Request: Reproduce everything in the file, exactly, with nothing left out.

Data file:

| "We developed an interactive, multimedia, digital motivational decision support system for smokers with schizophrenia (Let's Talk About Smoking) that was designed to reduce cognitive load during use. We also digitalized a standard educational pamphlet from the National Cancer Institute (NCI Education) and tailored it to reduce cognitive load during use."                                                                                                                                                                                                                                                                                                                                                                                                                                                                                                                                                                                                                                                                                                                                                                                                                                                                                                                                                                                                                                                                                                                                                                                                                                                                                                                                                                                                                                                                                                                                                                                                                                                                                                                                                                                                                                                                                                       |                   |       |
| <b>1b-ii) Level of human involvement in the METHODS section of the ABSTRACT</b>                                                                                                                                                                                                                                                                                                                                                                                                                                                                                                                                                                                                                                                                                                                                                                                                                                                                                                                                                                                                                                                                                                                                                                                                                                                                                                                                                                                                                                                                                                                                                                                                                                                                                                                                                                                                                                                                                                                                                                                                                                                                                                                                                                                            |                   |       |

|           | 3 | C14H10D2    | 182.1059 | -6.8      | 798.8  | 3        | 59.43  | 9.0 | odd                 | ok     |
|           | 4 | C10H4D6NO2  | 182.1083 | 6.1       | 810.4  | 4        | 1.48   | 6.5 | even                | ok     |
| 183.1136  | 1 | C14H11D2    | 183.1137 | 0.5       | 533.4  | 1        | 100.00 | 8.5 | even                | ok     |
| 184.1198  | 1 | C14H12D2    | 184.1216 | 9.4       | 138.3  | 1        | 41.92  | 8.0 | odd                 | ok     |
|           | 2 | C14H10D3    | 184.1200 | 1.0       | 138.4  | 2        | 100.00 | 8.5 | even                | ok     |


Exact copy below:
| "We developed an interactive, multimedia, digital motivational decision support system for smokers with schizophrenia (Let's Talk About Smoking) that was designed to reduce cognitive load during use. We also digitalized a standard educational pamphlet from the National Cancer Institute (NCI Education) and tailored it to reduce cognitive load during use."                                                                                                                                                                                                                                                                                                                                                                                                                                                                                                                                                                                                                                                                                                                                                                                                                                                                                                                                                                                                                                                                                                                                                                                                                                                                                                                                                                                                                                                                                                                                                                                                                                                                                                                                                                                                                                                                                                       |                   |       |
| <b>1b-ii) Level of human involvement in the METHODS section of the ABSTRACT</b>                                                                                                                                                                                                                                                                                                                                                                                                                                                                                                                                                                                                                                                                                                                                                                                                                                                                                                                                                                                                                                                                                                                                                                                                                                                                                                                                                                                                                                                                                                                                                                                                                                                                                                                                                                                                                                                                                                                                                                                                                                                                                                                                                                                            |                   |       |

|           | 3 | C14H10D2    | 182.1059 | -6.8      | 798.8  | 3        | 59.43  | 9.0 | odd                 | ok     |
|           | 4 | C10H4D6NO2  | 182.1083 | 6.1       | 810.4  | 4        | 1.48   | 6.5 | even                | ok     |
| 183.1136  | 1 | C14H11D2    | 183.1137 | 0.5       | 533.4  | 1        | 100.00 | 8.5 | even                | ok     |
| 184.1198  | 1 | C14H12D2    | 184.1216 | 9.4       | 138.3  | 1        | 41.92  | 8.0 | odd                 | ok     |
|           | 2 | C14H10D3    | 184.1200 | 1.0       | 138.4  | 2        | 100.00 | 8.5 | even                | ok     |